I can’t believe we’re in March already! It’s like February didn’t even happen. But that’s a good thing, because it means Spring is even closer ^ ^ Also coming up soon, on March 3rd is Hina Matstsuri (雛祭り).
Hina Matsuri, sometimes alluding to as Doll’s festival, is a day for us girls. Although, I say “us girls”, but unfortunately I’m way too old to be partaking in such an event (^^;; For families that do have young daughters, they will celebrate this day by praying for the happiness and health of their child using a display of dolls.
The dolls are usually displayed on five levels (but can sometimes go up to seven): the top tier represent the emperor and empress. The second level are three ladies in waiting, followed by male court musicians on the third, and ministers on the fourth. And the final step is reserved for the guards, or samurai, protectors of the imperial dolls at the top. All of the dolls are dressed in Heian period (794-1192) robes, which is when the custom began. During those days it was believed that the dolls were possessed by evil spirits. Thus it became customary to perform what is called hina nagashi (雛流し). Hina nagashi, or “doll floating”, was the act of releasing straw dolls into the river as a way of getting rid of the spirits, sickness and bad fortune. To this day, there are some areas in Japan that still honour this tradition with the use of paper dolls.
Some families will start displaying their hina ningyo in mid February up until hina matsuri. However, ALL families will make sure the display is taken down as soon as hina matsuri is over. Because superstitions goes that families who delay doing so, will have trouble marrying of their daughters later.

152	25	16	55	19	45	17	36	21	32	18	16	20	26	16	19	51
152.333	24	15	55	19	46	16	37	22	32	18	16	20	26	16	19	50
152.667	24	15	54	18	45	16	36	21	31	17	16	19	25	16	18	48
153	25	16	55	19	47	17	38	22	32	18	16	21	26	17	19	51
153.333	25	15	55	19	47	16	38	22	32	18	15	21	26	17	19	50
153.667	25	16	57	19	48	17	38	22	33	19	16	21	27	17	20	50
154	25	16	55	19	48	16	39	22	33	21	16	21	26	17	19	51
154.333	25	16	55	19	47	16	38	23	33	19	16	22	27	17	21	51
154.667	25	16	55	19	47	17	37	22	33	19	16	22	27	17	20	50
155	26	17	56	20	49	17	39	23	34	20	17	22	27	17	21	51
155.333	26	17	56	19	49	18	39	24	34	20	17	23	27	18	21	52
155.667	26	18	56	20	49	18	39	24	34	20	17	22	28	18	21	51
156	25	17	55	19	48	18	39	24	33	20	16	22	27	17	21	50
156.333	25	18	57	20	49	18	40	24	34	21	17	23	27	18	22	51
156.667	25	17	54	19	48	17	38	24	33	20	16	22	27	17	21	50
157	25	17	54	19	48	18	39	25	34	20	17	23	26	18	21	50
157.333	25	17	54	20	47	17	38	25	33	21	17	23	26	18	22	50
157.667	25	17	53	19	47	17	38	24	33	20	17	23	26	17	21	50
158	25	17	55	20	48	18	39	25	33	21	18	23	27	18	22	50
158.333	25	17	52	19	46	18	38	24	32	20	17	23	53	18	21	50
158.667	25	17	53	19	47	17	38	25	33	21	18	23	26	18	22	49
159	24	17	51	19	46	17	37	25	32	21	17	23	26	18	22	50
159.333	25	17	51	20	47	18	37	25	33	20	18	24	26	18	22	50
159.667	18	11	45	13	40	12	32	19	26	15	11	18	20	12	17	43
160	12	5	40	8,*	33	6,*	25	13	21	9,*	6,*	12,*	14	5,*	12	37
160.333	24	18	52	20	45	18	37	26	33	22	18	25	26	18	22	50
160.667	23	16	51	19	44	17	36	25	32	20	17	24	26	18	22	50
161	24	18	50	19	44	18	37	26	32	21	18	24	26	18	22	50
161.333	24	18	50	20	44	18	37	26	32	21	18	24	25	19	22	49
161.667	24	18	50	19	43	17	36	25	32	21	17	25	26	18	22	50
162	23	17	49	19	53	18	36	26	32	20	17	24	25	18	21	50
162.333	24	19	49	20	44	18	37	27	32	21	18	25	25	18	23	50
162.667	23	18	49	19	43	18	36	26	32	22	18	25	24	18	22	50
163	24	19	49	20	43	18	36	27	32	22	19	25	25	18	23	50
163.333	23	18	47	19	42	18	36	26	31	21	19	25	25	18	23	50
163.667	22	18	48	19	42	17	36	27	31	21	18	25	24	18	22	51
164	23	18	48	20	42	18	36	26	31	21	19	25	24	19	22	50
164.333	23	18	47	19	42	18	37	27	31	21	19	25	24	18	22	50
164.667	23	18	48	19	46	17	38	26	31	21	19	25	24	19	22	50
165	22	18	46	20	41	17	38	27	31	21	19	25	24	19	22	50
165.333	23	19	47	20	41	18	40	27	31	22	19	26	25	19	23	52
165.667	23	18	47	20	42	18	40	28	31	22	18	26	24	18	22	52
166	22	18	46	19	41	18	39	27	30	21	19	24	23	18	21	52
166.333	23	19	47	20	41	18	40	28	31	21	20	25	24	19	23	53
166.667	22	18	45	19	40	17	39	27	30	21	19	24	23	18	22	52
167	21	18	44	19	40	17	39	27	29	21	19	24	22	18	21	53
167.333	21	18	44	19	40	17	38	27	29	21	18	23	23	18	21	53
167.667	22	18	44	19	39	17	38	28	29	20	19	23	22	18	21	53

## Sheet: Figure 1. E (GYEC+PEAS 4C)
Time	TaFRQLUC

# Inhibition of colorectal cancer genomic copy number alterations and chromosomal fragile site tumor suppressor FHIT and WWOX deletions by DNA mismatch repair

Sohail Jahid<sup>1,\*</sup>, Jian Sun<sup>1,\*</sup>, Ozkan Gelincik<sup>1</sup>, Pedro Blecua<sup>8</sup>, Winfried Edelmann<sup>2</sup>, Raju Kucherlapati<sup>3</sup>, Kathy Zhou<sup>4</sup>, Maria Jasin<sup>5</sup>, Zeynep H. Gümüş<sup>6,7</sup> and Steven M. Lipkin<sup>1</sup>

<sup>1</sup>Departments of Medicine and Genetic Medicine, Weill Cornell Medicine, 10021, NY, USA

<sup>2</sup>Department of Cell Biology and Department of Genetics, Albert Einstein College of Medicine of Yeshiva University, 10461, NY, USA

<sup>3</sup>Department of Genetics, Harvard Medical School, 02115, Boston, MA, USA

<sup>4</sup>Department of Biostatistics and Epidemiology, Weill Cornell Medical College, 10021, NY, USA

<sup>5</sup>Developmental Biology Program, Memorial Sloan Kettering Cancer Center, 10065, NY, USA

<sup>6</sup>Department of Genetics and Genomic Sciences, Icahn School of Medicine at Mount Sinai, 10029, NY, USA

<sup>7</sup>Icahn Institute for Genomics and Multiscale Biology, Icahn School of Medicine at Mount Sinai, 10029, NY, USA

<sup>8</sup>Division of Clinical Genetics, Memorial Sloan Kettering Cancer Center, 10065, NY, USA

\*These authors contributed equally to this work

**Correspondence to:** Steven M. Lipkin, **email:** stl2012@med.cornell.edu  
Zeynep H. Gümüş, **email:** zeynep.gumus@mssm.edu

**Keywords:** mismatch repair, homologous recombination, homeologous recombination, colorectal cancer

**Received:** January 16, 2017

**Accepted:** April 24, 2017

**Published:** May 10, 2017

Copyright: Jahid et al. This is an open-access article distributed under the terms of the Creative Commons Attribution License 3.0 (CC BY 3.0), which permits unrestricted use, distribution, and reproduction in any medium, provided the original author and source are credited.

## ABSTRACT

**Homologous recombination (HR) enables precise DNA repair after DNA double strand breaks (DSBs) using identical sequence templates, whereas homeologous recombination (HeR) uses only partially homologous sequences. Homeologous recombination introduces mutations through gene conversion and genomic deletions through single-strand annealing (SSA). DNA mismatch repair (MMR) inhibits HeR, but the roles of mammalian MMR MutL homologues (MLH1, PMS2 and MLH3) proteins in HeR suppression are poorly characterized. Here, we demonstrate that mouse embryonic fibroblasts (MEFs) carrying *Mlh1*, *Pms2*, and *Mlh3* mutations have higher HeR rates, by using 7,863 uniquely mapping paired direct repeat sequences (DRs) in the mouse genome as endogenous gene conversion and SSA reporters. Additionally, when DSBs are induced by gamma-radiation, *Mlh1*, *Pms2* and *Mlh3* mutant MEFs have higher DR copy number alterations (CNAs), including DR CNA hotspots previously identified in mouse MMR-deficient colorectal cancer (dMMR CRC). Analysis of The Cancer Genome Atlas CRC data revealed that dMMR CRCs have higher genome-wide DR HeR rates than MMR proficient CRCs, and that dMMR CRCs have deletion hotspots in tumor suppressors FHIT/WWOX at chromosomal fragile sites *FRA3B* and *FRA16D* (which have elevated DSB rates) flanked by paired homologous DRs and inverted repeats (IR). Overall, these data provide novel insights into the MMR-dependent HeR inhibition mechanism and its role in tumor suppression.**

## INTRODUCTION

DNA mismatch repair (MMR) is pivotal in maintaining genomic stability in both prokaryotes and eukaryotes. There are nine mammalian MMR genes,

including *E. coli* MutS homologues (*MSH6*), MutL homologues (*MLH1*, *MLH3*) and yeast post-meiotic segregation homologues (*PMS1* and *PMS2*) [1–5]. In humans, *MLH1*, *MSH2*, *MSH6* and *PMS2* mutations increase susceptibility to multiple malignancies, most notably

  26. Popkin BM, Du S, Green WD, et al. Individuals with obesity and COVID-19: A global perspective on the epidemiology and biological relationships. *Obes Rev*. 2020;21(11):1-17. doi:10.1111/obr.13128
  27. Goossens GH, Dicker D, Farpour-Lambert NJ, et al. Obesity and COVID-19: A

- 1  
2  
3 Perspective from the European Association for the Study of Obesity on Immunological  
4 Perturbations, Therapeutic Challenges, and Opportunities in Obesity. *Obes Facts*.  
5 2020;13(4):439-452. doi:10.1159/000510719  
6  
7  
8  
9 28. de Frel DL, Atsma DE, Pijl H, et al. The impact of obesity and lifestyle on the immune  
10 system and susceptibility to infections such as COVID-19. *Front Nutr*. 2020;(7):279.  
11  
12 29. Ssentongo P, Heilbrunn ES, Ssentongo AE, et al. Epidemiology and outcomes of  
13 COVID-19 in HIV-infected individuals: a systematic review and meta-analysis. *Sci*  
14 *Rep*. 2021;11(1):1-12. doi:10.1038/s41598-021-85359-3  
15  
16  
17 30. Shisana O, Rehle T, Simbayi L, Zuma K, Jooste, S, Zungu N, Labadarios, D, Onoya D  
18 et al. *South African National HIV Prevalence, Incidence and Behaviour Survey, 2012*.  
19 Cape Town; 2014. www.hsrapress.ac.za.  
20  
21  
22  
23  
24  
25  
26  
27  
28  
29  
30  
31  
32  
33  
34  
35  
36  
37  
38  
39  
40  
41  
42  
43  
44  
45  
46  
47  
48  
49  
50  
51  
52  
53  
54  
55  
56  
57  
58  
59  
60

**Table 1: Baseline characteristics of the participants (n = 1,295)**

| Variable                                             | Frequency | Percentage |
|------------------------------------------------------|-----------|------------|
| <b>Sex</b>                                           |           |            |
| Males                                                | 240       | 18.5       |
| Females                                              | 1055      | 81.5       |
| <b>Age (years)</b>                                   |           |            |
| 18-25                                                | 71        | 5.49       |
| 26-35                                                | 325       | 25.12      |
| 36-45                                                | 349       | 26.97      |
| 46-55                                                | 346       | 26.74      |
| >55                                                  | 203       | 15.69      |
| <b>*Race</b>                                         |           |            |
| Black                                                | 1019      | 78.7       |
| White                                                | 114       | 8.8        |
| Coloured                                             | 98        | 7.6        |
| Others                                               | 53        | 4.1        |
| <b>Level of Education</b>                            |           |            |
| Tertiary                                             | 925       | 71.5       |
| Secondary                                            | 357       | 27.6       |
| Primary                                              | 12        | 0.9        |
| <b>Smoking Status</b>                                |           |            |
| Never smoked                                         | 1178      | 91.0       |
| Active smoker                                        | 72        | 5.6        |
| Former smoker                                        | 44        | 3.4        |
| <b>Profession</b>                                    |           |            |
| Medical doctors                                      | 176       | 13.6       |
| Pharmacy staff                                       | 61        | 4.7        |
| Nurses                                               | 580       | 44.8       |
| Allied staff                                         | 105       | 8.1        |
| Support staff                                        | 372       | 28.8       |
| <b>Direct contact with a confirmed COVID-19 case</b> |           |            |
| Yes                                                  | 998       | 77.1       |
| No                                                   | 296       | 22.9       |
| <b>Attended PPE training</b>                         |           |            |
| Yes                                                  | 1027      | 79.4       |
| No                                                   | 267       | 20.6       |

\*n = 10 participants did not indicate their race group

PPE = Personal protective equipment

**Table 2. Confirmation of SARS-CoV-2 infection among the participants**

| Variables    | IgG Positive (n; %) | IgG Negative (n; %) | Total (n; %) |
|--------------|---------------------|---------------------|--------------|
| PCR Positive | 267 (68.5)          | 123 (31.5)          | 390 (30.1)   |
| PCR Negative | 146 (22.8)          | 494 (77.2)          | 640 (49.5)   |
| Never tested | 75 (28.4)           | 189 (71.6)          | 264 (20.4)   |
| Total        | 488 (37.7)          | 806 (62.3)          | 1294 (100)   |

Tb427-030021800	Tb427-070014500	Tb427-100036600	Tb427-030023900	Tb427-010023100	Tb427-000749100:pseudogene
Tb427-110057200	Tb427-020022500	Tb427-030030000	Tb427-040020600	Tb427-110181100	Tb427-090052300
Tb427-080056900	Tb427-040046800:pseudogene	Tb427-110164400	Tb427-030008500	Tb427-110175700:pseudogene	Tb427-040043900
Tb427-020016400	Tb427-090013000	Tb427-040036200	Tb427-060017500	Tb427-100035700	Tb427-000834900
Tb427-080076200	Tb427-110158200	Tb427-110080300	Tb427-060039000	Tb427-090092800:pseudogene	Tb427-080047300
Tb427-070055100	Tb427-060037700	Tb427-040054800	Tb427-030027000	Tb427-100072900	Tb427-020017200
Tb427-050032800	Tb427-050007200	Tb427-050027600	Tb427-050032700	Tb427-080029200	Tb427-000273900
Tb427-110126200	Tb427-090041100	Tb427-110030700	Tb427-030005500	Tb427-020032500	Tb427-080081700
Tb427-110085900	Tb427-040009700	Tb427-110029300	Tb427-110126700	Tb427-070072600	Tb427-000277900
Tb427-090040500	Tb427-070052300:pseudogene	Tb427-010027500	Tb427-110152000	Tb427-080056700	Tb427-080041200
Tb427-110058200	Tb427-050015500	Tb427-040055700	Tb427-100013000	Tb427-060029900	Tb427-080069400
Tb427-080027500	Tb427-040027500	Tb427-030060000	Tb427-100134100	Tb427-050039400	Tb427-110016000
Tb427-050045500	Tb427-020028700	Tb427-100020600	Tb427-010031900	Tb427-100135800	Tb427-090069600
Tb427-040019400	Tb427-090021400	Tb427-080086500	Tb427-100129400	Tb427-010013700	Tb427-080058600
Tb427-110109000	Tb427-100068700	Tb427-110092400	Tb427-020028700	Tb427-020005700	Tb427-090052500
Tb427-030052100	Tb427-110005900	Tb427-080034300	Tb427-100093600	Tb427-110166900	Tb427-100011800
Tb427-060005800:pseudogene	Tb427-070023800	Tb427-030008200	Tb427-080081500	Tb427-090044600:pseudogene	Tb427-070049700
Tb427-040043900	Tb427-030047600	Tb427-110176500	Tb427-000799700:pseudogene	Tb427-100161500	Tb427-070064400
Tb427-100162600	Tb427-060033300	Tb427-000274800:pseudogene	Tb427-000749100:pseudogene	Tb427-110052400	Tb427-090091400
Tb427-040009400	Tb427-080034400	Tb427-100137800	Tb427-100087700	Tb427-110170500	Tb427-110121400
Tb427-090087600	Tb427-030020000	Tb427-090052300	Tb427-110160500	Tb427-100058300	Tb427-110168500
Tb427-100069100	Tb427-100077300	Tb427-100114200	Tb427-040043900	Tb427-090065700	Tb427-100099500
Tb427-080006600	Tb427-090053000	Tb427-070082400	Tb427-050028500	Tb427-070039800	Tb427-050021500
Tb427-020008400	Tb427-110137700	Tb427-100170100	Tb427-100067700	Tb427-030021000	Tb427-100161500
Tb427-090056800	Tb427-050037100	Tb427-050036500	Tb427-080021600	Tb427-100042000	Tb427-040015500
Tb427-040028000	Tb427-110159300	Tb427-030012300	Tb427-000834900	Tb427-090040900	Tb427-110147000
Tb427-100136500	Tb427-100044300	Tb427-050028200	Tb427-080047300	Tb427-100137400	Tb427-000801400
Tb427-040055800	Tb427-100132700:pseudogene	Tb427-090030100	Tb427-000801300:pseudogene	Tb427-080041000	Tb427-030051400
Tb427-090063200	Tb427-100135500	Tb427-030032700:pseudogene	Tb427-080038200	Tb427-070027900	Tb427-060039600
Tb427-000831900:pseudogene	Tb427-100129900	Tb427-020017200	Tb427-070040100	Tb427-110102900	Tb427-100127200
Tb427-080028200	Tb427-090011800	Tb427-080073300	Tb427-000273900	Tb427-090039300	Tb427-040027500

On the day, families will offer food and rice crackers to the dolls. One of the most common food associated with hina matsuri is hina arare, popped rice coated with sugar. These are usually pink, white and green: colours reminiscent of peach blossoms, remaining snow and fresh leaves. Remember, the Japanese are very fond of the changing seasons and this is often reflected in their food and events, which is why Hina matsuri is also referred to as momo no sekku, meaning peach flower festival. So you’ll often see peach flowers used as decoration.
I, of course, have never celebrated hina matsuri, but my friend in Japan promised to send me hina arare (as well as other delicious Japanese treats) by post! Sadly, I don’t think it’ll arrive in time for March 3rd, but I’m really looking forward to trying them when they arrive )^o^( And for those of you who also want to try hina arare, Japan Centre are selling some really cute Hello Kitty ones online and in their stores. So although we may not be young girls anymore, why not indulge in some of the food this day has to offer us 😉